by Gabriele Pieri (ISTI-CNR)
The NAUTILOS project aims to fill some of the existing gaps in marine observation and modelling by improving the measurement of chemical, biological and deep ocean physics variables. A new generation of cost-effective sensors and samplers is being developed, integrated into observation platforms and deployed in large-scale demonstrations off the coastline of Europe. These will complement and expand existing observation tools and services, allowing researchers to obtain data at a much higher spatial resolution, temporal regularity and length than is currently available at a European scale. It will also facilitate and democratise the monitoring of the marine environment for both traditional and non-traditional data users.
Environmental observational research in coastal and shelf sea environments, which are characterised by substantial dynamic variability , has its own specific challenges. Dense observation efforts in time and space are required to assess biological, chemical and physical processes that are very patchy in nature, such as mesoscale features. Typically, the processes are also highly variable in time due to short-term environmental forcings like upwelling and mixing events that may result in potentially harmful algal blooms. We need a high level of spatial resolution and both high temporal resolution and length (i.e. time-series) to accurately quantify variables such as temperature, momentum, biological and biogeochemical fluxes, how they are changing, and what processes are forcing these changes. High quality data can help us manage and mitigate events that might have adverse climatic, environmental and economic outcomes.
The NAUTILOS project focuses on both the deep ocean at depths of greater than 200 m, and the open ocean environment above it. These are the least observed but largest habitats on our planet (see Figure 1). Future deep ocean observing needs greater integration across disciplines and sectors, best achieved through demonstration projects and facilitated reuse and repurposing of existing deep-sea data efforts .
The next step in the evolution of the marine monitoring system will be the widespread adoption of autonomous in situ sensing. There is a need to explore and test new technology that will make it more affordable to acquire, deploy and maintain monitoring and observing stations to fill the in situ observational gaps of ocean observation systems. With increased spatial resolution and frequency of in situ collection and a greater volume of information coming from cost-effective and more widely disseminated sensors, many new operational products will become available. With these will come new forecasting capabilities and processes for understanding the ocean. The improvement and effectiveness provided by this new "digital ocean" observation paradigm based on big data can be statistically evaluated using oceanographic models of different data availability scenarios and evaluating the improvement of forecasting capabilities. These scenarios would reflect the potential increase in spatial resolution, time frame and gap closure of the acquired data anticipated by this project. Technology maturation will promote the “democratisation” of marine environmental monitoring through the production of small, cost-effective sensors.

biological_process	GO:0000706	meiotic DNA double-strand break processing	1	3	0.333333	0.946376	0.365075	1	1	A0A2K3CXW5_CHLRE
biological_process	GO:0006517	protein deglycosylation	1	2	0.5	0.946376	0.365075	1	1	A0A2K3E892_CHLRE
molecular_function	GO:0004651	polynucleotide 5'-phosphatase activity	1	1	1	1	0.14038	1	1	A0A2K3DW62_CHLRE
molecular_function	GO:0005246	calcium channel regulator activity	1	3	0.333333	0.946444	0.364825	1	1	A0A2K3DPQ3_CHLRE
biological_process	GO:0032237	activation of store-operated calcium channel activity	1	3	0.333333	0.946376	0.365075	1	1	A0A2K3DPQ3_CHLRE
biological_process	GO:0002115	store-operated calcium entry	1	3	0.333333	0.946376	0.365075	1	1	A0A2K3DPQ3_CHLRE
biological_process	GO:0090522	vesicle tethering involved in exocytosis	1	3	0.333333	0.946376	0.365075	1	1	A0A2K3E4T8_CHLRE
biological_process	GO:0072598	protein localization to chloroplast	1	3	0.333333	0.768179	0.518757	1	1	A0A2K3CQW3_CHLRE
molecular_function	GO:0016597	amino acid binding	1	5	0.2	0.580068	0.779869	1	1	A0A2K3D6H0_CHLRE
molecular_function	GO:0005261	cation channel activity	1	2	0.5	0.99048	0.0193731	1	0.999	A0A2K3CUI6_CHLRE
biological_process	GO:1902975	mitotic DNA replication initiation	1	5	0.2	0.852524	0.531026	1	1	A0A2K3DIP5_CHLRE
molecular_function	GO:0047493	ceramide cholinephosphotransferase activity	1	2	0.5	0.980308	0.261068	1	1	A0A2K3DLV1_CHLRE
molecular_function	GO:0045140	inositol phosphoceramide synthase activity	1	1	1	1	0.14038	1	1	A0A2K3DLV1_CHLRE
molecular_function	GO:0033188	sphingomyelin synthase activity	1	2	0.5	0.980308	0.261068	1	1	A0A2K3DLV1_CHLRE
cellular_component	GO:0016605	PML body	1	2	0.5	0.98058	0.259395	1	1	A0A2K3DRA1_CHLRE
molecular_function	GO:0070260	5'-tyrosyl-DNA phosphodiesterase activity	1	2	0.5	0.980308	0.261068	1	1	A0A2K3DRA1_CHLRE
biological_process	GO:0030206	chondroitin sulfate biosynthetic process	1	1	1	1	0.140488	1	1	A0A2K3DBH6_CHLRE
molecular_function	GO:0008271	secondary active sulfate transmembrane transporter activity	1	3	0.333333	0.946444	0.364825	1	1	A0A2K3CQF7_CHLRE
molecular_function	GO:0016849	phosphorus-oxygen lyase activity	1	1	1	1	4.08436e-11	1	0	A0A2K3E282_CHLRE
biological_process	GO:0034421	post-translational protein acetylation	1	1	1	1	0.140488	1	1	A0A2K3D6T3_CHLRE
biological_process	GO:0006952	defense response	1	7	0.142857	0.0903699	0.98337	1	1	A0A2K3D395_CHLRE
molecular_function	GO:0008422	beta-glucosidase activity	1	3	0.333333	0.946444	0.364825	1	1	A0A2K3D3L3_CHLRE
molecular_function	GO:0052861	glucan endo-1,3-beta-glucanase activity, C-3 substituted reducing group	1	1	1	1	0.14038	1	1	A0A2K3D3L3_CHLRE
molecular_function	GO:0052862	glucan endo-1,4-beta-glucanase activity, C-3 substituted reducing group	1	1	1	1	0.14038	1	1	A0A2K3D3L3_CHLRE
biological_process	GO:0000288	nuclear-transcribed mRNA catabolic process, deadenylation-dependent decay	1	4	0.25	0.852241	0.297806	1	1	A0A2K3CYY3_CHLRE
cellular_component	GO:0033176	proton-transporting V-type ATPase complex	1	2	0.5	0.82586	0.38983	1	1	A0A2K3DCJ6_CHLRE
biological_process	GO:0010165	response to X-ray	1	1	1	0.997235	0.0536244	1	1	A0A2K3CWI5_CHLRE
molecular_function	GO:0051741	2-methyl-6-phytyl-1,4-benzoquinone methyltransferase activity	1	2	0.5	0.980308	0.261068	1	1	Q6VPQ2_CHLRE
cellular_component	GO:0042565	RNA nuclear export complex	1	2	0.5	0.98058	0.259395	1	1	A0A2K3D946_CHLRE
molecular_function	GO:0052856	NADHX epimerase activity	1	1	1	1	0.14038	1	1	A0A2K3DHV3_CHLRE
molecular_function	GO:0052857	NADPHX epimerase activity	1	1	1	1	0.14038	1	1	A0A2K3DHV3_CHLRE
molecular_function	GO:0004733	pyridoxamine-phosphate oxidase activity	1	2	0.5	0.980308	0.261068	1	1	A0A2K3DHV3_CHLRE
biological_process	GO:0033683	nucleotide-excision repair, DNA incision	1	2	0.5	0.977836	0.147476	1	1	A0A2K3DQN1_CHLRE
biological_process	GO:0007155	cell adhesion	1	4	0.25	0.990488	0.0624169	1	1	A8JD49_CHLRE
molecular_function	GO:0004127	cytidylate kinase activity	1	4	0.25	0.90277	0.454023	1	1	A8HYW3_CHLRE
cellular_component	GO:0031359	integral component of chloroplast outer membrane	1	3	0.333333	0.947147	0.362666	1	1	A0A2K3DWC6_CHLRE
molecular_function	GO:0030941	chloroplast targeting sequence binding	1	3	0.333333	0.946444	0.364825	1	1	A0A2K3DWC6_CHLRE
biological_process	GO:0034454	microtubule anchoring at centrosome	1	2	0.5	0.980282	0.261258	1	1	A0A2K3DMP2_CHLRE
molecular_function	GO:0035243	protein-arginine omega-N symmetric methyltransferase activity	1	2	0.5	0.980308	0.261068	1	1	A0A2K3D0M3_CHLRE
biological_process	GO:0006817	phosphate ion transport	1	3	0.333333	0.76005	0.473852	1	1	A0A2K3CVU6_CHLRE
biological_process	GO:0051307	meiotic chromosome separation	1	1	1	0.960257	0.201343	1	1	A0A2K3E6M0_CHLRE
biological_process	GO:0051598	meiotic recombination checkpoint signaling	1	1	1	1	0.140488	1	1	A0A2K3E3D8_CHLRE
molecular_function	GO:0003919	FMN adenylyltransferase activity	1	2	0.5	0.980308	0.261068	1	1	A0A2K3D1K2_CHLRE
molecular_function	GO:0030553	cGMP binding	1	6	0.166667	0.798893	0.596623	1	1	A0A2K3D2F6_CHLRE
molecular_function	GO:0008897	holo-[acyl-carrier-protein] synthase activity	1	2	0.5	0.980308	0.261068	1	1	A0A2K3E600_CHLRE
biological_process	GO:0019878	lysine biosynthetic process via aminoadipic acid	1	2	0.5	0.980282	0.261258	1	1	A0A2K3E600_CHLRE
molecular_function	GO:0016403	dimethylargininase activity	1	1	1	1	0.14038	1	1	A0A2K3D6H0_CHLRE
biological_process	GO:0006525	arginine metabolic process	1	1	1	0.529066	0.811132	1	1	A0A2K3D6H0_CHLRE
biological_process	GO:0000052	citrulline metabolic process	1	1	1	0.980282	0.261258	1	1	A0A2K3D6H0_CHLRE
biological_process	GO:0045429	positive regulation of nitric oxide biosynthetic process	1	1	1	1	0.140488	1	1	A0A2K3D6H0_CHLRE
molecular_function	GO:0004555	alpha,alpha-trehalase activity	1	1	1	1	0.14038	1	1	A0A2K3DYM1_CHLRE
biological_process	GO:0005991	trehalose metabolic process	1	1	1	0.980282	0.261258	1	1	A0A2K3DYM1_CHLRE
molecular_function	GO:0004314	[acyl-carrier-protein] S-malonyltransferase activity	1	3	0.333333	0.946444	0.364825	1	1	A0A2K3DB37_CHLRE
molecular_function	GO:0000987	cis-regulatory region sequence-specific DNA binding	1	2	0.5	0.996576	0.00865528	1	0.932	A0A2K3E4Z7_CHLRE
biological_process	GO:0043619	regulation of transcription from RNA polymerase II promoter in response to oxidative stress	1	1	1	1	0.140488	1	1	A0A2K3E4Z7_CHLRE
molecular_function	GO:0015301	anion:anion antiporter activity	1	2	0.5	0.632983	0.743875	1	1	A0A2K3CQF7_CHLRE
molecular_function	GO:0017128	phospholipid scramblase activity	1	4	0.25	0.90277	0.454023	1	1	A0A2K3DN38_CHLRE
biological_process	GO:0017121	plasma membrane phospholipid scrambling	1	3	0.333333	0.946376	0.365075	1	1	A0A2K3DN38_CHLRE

Such a realisation will broaden the range of users who will benefit from the increase in data and forecasting models. It will enable both traditional users, such as oceanographers, researchers and technology providers, and others, such as citizen scientists, resource managers, policymakers and environmental monitoring groups, to access new and improved resources. The full adoption of the technologies developed and demonstrated in project NAUTILOS can only increase participation in environmental observation, help reduce the costs of the technology, and thus multiply the social, economic and environmental benefits and positive impact of the project.
Figure 1: The NAUTILOS Project concept.
The NAUTILOS project, funded by the EU under the call H2020-BG-2020-1, is an Innovation Action Pilot that is just starting its activities, which are foreseen to last for four years. The consortium, composed of 21 partners from 11 countries from across Europe, is coordinated by the National Research Council of Italy (participating with three different institutes), has a wide, complementary and multidisciplinary expertise in various fields ranging from oceanography to biology and biogeochemistry, as well as from data processing and modelling to marine technological applications and research infrastructures. Apart from the coordinator , the involved partners are: the “Hellenic Centre for Marine Research”, the “Norsk Institutt for Vannforskning”, the “Suomen Ymparistokeskus”, the “Institut Francais de Recherche pour l'Exploitation de la Mer”, the “Centre National de la Recherche Scientifique”, “ETT S.p.A.”, “EdgeLab S.r.l.”, the “Universidade do Algarve”, “NKE Instrumentation S.a.r.l.”, “Aquatec Group limited”, “SubCTech GMBH”, the “Centro de Engenharia e Desenvolvimento”, the “Haute Ecole Specialisee de Suisse Occidentale”, the “Centre Suisse d'Electronique et de Microtechnique SA”, the “University of Lubljana”, “Fudaçao EurOcean”, the “Deutsches Forschungszentrum fur Kunstliche Intelligenz GMBH”, the “University of Calabria”, the “Instituto do Mar”, and “EvroProject OOD”.
 K. H. Wiltshire et al.: “Resilience of North Sea phytoplankton spring bloom dynamics: An analysis of long‐term data at Helgoland Roads”, Limnology and Oceanography, 53(4), 1294-1302, 2008.
 L. A. Levin et al.: “Global observing needs in the deep ocean” Frontiers in Marine Science, 6, 241, 2019.
Gabriele Pieri, ISTI-CNR, Italy